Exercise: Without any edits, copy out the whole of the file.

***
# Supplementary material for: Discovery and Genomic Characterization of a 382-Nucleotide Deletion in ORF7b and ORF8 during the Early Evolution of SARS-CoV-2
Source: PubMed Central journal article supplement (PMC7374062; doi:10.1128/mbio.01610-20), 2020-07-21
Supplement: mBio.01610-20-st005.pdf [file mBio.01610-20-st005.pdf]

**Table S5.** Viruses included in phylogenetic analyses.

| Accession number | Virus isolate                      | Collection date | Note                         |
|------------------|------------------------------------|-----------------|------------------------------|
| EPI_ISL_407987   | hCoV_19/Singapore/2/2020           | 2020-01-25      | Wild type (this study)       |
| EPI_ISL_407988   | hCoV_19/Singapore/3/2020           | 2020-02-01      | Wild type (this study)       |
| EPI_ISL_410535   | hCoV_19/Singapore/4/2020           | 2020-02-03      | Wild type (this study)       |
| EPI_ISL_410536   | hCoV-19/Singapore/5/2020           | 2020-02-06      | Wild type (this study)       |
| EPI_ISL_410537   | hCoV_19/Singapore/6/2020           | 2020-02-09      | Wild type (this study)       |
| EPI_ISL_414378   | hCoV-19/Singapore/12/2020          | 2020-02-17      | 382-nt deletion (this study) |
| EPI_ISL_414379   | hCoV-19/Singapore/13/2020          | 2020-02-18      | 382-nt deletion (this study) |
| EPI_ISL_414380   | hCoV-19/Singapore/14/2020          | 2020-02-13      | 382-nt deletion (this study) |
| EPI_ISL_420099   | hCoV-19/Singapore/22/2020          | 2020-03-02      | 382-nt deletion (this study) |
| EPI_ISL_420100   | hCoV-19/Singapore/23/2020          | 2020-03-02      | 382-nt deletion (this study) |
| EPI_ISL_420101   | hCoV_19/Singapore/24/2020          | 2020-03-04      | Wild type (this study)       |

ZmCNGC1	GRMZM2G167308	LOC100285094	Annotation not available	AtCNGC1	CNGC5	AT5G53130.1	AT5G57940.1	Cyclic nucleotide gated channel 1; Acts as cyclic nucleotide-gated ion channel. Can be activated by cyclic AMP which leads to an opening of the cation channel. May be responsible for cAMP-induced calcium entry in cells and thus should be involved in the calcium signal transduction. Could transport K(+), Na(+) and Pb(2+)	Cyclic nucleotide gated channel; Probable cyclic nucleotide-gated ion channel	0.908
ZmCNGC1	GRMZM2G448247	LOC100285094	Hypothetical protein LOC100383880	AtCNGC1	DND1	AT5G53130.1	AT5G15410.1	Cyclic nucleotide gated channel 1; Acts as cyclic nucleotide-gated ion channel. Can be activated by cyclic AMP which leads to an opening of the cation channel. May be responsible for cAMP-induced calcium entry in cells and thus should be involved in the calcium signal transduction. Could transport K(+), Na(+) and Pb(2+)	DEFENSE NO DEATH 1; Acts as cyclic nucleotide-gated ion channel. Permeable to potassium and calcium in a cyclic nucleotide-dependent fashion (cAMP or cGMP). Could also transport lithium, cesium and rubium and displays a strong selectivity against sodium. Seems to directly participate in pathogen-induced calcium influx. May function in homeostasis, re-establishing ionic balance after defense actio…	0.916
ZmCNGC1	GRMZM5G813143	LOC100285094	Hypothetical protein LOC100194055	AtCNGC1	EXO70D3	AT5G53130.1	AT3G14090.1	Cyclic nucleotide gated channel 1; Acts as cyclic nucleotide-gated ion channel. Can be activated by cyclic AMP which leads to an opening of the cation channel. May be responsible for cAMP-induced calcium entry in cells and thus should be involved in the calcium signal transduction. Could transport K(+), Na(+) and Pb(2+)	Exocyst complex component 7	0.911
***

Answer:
# Supplementary material for: Discovery and Genomic Characterization of a 382-Nucleotide Deletion in ORF7b and ORF8 during the Early Evolution of SARS-CoV-2
Source: PubMed Central journal article supplement (PMC7374062; doi:10.1128/mbio.01610-20), 2020-07-21
Supplement: mBio.01610-20-st005.pdf [file mBio.01610-20-st005.pdf]

**Table S5.** Viruses included in phylogenetic analyses.

| Accession number | Virus isolate                      | Collection date | Note                         |
|------------------|------------------------------------|-----------------|------------------------------|
| EPI_ISL_407987   | hCoV_19/Singapore/2/2020           | 2020-01-25      | Wild type (this study)       |
| EPI_ISL_407988   | hCoV_19/Singapore/3/2020           | 2020-02-01      | Wild type (this study)       |
| EPI_ISL_410535   | hCoV_19/Singapore/4/2020           | 2020-02-03      | Wild type (this study)       |
| EPI_ISL_410536   | hCoV-19/Singapore/5/2020           | 2020-02-06      | Wild type (this study)       |
| EPI_ISL_410537   | hCoV_19/Singapore/6/2020           | 2020-02-09      | Wild type (this study)       |
| EPI_ISL_414378   | hCoV-19/Singapore/12/2020          | 2020-02-17      | 382-nt deletion (this study) |
| EPI_ISL_414379   | hCoV-19/Singapore/13/2020          | 2020-02-18      | 382-nt deletion (this study) |
| EPI_ISL_414380   | hCoV-19/Singapore/14/2020          | 2020-02-13      | 382-nt deletion (this study) |
| EPI_ISL_420099   | hCoV-19/Singapore/22/2020          | 2020-03-02      | 382-nt deletion (this study) |
| EPI_ISL_420100   | hCoV-19/Singapore/23/2020          | 2020-03-02      | 382-nt deletion (this study) |
| EPI_ISL_420101   | hCoV_19/Singapore/24/2020          | 2020-03-04      | Wild type (this study)       |

ZmCNGC1	GRMZM2G167308	LOC100285094	Annotation not available	AtCNGC1	CNGC5	AT5G53130.1	AT5G57940.1	Cyclic nucleotide gated channel 1; Acts as cyclic nucleotide-gated ion channel. Can be activated by cyclic AMP which leads to an opening of the cation channel. May be responsible for cAMP-induced calcium entry in cells and thus should be involved in the calcium signal transduction. Could transport K(+), Na(+) and Pb(2+)	Cyclic nucleotide gated channel; Probable cyclic nucleotide-gated ion channel	0.908
ZmCNGC1	GRMZM2G448247	LOC100285094	Hypothetical protein LOC100383880	AtCNGC1	DND1	AT5G53130.1	AT5G15410.1	Cyclic nucleotide gated channel 1; Acts as cyclic nucleotide-gated ion channel. Can be activated by cyclic AMP which leads to an opening of the cation channel. May be responsible for cAMP-induced calcium entry in cells and thus should be involved in the calcium signal transduction. Could transport K(+), Na(+) and Pb(2+)	DEFENSE NO DEATH 1; Acts as cyclic nucleotide-gated ion channel. Permeable to potassium and calcium in a cyclic nucleotide-dependent fashion (cAMP or cGMP). Could also transport lithium, cesium and rubium and displays a strong selectivity against sodium. Seems to directly participate in pathogen-induced calcium influx. May function in homeostasis, re-establishing ionic balance after defense actio…	0.916
ZmCNGC1	GRMZM5G813143	LOC100285094	Hypothetical protein LOC100194055	AtCNGC1	EXO70D3	AT5G53130.1	AT3G14090.1	Cyclic nucleotide gated channel 1; Acts as cyclic nucleotide-gated ion channel. Can be activated by cyclic AMP which leads to an opening of the cation channel. May be responsible for cAMP-induced calcium entry in cells and thus should be involved in the calcium signal transduction. Could transport K(+), Na(+) and Pb(2+)	Exocyst complex component 7	0.911